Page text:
Intestate Succession vs. Testamentary Inheritance

In India, the rules governing inheritance can take two paths depending on whether a person has died intestate (without a will) or has left behind a testamentary document (will). The distinction between these two systems is foundational to understanding A Deep Dive into Inheritance Law in India. Let’s unravel the nuances of each system one by one:

Intestate Succession: In the absence of a will, the distribution of the deceased’s assets is determined by statutory laws. These inheritance laws are religion-specific. For instance, Hindus, Sikhs, Jains, and Buddhists are governed by the Hindu Succession Act, while Muslims are subject to Islamic law. When someone dies intestate, the property is distributed among family members in a fixed order of priority as laid out in the respective succession laws.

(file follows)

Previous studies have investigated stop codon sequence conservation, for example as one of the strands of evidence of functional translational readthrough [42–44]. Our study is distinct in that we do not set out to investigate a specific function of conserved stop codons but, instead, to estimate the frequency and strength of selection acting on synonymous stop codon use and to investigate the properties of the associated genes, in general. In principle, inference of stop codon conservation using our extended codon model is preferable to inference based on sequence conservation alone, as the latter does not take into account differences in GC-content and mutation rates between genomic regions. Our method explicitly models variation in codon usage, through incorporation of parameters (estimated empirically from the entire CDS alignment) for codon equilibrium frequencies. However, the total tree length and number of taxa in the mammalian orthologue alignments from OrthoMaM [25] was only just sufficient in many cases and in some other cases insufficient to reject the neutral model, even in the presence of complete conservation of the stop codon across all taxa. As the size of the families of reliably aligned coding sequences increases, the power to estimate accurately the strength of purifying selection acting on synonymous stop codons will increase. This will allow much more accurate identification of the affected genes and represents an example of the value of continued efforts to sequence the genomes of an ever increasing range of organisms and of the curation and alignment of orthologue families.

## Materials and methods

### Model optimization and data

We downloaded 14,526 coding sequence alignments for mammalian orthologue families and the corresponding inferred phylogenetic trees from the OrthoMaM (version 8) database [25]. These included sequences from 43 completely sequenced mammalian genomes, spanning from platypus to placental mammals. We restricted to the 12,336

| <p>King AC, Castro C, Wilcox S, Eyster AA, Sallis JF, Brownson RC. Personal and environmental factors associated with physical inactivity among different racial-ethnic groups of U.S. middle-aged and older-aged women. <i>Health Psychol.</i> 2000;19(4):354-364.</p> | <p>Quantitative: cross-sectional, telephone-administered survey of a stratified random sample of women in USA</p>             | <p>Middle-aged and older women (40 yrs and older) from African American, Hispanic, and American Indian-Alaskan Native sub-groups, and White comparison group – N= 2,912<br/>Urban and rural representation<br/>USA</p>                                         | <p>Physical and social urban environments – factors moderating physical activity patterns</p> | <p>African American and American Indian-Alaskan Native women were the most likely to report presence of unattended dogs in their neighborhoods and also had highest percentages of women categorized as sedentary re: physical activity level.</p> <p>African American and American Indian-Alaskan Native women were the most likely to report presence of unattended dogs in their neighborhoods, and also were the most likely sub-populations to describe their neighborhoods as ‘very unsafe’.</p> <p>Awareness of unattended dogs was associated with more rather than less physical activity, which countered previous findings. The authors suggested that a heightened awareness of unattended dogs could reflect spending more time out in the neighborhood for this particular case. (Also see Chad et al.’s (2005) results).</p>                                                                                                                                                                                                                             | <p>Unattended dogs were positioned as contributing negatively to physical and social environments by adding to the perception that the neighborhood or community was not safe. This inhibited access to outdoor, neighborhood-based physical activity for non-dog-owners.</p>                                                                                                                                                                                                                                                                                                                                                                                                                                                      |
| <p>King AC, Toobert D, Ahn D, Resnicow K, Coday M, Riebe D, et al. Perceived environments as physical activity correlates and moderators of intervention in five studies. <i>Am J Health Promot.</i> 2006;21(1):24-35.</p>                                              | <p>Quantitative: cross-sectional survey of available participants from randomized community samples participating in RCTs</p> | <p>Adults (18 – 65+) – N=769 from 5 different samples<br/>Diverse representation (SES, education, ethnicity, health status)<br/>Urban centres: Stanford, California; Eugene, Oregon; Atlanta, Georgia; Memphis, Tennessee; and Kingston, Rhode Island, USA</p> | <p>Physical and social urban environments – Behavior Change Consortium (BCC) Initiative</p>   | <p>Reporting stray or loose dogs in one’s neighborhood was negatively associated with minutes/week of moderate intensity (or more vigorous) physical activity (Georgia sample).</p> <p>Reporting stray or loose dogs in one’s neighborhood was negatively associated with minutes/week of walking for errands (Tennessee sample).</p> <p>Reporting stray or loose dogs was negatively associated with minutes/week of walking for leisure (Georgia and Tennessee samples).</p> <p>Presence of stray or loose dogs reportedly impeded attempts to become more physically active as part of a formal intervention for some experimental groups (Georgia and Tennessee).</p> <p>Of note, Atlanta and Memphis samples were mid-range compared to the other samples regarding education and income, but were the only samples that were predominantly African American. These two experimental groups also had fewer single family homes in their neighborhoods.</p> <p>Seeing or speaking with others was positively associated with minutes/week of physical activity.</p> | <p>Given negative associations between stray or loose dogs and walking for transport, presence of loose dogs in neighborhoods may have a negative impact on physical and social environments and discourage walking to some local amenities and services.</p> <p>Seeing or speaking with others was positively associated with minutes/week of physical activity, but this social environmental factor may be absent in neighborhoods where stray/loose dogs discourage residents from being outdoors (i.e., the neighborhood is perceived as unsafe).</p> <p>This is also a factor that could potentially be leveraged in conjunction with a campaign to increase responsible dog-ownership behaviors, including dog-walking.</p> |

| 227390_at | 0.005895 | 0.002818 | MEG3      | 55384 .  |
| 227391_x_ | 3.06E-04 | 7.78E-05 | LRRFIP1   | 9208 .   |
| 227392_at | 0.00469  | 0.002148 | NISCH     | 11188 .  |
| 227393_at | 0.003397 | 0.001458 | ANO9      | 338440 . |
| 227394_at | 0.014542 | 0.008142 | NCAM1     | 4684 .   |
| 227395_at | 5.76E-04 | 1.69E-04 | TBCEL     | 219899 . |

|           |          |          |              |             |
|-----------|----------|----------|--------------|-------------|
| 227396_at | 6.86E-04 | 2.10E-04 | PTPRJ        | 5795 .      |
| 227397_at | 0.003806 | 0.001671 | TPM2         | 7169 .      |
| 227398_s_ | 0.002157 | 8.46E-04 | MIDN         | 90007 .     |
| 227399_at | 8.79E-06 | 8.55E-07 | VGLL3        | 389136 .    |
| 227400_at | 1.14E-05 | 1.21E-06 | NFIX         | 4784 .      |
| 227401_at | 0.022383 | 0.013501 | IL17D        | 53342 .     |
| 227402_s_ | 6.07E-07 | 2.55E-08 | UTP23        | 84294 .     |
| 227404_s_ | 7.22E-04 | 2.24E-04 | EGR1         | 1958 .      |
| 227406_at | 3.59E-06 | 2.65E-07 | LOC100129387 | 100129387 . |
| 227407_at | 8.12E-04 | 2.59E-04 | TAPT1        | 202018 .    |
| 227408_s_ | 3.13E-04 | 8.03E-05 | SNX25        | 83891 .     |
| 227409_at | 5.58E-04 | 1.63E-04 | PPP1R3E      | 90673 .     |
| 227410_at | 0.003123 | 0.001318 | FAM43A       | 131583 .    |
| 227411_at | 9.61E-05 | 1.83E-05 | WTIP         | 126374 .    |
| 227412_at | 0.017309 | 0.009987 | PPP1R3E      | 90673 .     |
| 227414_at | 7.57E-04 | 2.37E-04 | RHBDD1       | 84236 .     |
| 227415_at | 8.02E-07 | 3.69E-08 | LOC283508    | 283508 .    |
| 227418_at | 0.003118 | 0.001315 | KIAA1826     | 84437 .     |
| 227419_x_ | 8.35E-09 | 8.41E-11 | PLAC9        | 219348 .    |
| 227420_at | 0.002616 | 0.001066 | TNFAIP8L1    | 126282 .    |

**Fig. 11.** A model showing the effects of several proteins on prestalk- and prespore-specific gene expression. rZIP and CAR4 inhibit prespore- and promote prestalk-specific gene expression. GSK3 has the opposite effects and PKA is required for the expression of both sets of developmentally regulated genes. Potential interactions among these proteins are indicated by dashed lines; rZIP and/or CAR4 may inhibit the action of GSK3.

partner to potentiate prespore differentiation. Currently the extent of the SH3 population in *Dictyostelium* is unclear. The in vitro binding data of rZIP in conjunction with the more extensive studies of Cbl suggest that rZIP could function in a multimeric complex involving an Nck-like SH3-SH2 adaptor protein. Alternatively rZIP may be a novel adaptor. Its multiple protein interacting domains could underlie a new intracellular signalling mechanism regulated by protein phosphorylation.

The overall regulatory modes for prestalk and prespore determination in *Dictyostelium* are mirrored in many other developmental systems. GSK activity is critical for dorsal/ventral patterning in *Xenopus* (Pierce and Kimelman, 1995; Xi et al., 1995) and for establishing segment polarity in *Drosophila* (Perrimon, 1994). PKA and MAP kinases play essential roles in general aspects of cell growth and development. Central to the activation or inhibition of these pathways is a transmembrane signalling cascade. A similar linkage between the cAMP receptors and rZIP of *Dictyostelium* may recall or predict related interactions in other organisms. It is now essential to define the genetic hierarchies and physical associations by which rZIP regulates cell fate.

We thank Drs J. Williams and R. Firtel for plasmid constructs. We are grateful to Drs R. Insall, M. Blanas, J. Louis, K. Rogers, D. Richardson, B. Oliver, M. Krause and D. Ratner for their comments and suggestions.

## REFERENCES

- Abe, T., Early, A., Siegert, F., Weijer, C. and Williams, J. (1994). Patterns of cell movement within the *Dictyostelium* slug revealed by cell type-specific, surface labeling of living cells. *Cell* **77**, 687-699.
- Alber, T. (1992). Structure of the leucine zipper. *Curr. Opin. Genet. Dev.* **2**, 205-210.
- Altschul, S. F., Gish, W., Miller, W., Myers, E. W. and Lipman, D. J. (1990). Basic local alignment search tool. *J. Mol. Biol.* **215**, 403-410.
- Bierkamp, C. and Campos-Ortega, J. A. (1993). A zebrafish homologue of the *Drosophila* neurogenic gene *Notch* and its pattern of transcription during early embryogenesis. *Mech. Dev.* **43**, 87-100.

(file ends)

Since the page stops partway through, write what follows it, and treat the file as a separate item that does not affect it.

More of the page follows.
• For Hindus, the estate first goes to Class I heirs, then to Class II heirs, and so forth.
  • For Muslims, Shariah principles dictate the shares of each eligible heir, with specific portions allocated to fixed sharers.

Under the framework of intestate succession, heirs do not have the liberty to dispute the defined shares as established by law, barring a few exceptions where the courts may need to intervene.

Testamentary Inheritance: This type of inheritance involves a will. A person, before their death, can draft a testament stating how their property should be divided among the beneficiaries. The autonomy to decide the distribution of one’s estate distinguishes testamentary inheritance from intestate succession. However, there are conditions for the validity of a will:

  • The will must be signed and attested.
  • It must be clear, without any ambiguity.